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Preparing to Work in the Adaptation field

Home » Publications and Media » Resilient Virginia News » Preparing to Work in the Adaptation field

Preparing to Work in the Adaptation field

Home » Publications and Media » Resilient Virginia News » Preparing to Work in the Adaptation field

Written by: Sara Moreno     7/27/2022

Combating the climate crisis has become a popular subject in discussions about community action, policymaking, and financial investing. The issue of how an individual can address climate change is fast-changing because of the progress in communication and technology. At this point in my life, my early adulthood, I feel the need to help re-shape the business paradigm, and guide leaders and organizations in their journey to reduce their carbon footprint, and even eliminate it entirely. As I prepare to enter the workforce and live independently, the topic of sustainability is broad and daunting, but being a part of an academic and innovative community like the University of Virginia, currently working to change its energy consumption and production systems in order to reduce its carbon footprint, encourages me.

Scientific research and collaboration have made it possible to calculate the numbers for the carbon footprints of the different industries making up the economy. Communities can access investment, grants, and funds for climate mitigation, and resilience initiatives based on the needs they express, and their plans for climate action. Through my research for Resilient Virginia, an organization that helps communities access resources for climate mitigation and resilience, I have learned that there is a lot of support available for policymakers, local officials, and business leaders, as well as everyday citizens to recalibrate and pursue sustainable practices. 

There are different areas of impact that organizations’ decision makers can focus on such as industry, community action, and public policy. A clear understanding of adaptation opportunities and capabilities is needed to take advantage of those resources. Generating interest in climate initiatives is important in order to secure funds and labor to actualize them. Organizations like the Institute for Sustainable Communities (ISC) and the Partnership for Resilient Communities (PRC), focus on connecting residents in communities so that solutions for climate resilience and mitigation are agreed upon, and effective because they consider different perspectives and capabilities of individuals within the community. Organizations like the Green Tech Alliance and Federal Financial Assistance Programs for Resilience Activities work to foster connections to help companies tackle economic and environmental problems with insight from research and other companies.

Even though most college students do not hold the kinds of jobs that run manufacturing, policymaking, or major business investments, straight out of college, our role in sustainable development is significant. UVA’s “Great and Good” plan for 2030 outlines its vision, strategic goals, key initiatives, and timeline for serving the public in the future. The Grand Challenge Research Initiatives are part of UVA’s “Great and Good” plan, and give UVA researchers resources to pursue two avenues focused on environmental resilience and sustainability: researching and perfecting clean energy, and helping local communities develop best practices for responding to climate-driven challenges. With the collaboration of students, faculty, and other people and organizations that care about the environment, UVA has been able to find alternatives to meet the institution’s needs for operation, shifting from fossil fuel consumption and outsourced resources to renewable energy and local collaboration.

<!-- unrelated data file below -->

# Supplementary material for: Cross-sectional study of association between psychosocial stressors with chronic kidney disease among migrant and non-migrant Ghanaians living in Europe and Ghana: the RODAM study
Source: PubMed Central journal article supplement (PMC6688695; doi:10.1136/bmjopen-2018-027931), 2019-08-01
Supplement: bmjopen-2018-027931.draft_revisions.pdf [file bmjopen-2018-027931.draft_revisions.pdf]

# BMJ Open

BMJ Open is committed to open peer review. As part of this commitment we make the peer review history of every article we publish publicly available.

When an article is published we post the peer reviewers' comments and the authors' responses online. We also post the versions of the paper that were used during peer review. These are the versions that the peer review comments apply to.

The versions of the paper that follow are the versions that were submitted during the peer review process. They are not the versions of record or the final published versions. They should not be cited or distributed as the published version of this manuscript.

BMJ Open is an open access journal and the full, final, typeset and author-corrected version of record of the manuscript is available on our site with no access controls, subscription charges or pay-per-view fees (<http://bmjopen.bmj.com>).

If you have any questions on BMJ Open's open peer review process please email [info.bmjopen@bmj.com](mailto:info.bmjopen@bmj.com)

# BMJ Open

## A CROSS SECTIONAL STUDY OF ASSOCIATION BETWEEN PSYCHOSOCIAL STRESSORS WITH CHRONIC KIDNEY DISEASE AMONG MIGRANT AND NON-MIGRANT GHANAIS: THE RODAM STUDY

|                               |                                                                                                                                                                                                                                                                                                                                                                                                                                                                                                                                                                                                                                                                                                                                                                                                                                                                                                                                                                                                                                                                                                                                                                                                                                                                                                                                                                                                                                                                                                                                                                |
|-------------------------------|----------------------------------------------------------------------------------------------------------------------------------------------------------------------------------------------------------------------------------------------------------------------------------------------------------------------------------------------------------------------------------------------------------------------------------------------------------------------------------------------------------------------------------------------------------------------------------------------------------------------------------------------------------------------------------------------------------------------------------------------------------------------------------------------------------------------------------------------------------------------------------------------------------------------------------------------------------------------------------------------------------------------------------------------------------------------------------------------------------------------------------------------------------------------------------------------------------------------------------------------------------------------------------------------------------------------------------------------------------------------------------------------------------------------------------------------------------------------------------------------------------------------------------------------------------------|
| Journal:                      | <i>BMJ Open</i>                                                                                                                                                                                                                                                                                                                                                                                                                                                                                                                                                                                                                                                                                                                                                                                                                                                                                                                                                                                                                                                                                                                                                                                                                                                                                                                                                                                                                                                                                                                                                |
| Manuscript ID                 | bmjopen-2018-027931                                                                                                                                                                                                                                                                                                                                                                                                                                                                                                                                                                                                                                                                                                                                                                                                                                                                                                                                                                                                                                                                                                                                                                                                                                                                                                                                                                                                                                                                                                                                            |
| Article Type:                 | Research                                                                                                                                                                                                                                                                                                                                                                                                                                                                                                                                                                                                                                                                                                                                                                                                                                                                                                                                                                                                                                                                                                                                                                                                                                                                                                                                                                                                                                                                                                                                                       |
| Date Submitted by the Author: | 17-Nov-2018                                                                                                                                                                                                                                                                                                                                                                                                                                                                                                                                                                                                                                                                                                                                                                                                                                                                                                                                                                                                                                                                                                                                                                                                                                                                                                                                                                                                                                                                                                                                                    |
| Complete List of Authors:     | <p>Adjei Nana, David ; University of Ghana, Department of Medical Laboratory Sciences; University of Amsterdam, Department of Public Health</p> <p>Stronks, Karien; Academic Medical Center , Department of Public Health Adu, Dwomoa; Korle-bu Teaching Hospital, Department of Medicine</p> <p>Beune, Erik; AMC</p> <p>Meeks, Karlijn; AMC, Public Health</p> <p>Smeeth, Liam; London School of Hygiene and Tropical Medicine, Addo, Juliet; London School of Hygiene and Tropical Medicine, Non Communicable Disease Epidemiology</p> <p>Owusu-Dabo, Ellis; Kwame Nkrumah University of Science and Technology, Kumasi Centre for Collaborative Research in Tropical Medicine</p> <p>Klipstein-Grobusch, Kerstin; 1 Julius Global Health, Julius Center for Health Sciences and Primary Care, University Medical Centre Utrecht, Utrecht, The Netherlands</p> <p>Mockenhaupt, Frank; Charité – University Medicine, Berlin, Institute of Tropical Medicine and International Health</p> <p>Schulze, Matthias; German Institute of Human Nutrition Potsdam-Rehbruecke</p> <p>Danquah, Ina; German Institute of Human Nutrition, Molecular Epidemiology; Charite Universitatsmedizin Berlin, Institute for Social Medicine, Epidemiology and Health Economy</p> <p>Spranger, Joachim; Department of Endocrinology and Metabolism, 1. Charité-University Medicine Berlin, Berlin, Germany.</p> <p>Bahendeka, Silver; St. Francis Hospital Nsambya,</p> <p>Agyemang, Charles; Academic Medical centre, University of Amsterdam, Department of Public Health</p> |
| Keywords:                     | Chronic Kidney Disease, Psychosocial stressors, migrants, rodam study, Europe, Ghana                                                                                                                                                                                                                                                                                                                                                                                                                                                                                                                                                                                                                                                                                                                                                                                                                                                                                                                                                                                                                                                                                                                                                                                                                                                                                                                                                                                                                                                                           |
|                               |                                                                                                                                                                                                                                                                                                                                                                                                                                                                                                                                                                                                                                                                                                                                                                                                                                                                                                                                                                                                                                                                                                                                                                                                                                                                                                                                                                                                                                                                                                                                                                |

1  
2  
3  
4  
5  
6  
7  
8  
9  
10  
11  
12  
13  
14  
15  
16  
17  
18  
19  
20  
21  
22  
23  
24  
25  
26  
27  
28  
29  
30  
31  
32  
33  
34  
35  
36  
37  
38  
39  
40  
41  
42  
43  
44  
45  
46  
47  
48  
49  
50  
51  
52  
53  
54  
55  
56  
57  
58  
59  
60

The UVA Foundation recently announced that its 3,000-acre historical farm will become UVA’s Sustainability Lab. The lab will be used for education, innovation, and engagement for students, faculty, and residents of the Charlottesville community. UVA is going to invest $60 million in sustainability solutions through Students, and the team at UVA’s Facilities Management worked to make UVA certified by the Xerces Society as a pollinator friendly campus. Measuring progress coherently across all initiatives is difficult to standardize because the objectives for climate action in each sector are not totally the same. It helps to remember that first and foremost, people are consumers. They can cast their votes for decision makers or policies that promote sustainability, but they also cast votes daily with how they spend their money and consume resources. There are different approaches to investigation, prioritization and planning.

Regardless of the sector seeking to improve, it is difficult to transition to sustainable living without readily available options and communication on why sustainable practices are necessary. UVA has the funds and community support to redesign its infrastructure and sourcing so that its carbon footprint can be reduced. Without the funds and people willing to work for change, I would not have the privilege to say that I am part of a sustainable community.

Resilient Virginia is dedicated to giving people the access to resources that can guide their planning for climate mitigation and resilience, economic growth and development, while minimizing carbon footprint. Like UVA, Resilient Virginia engages people of different vocations to bring new perspectives and outcomes that have a widespread impact.

Sara Moreno is a rising fourth year at the University of Virginia. She is majoring in Global Environments & Sustainability and minoring in Urban & Environmental Planning. 

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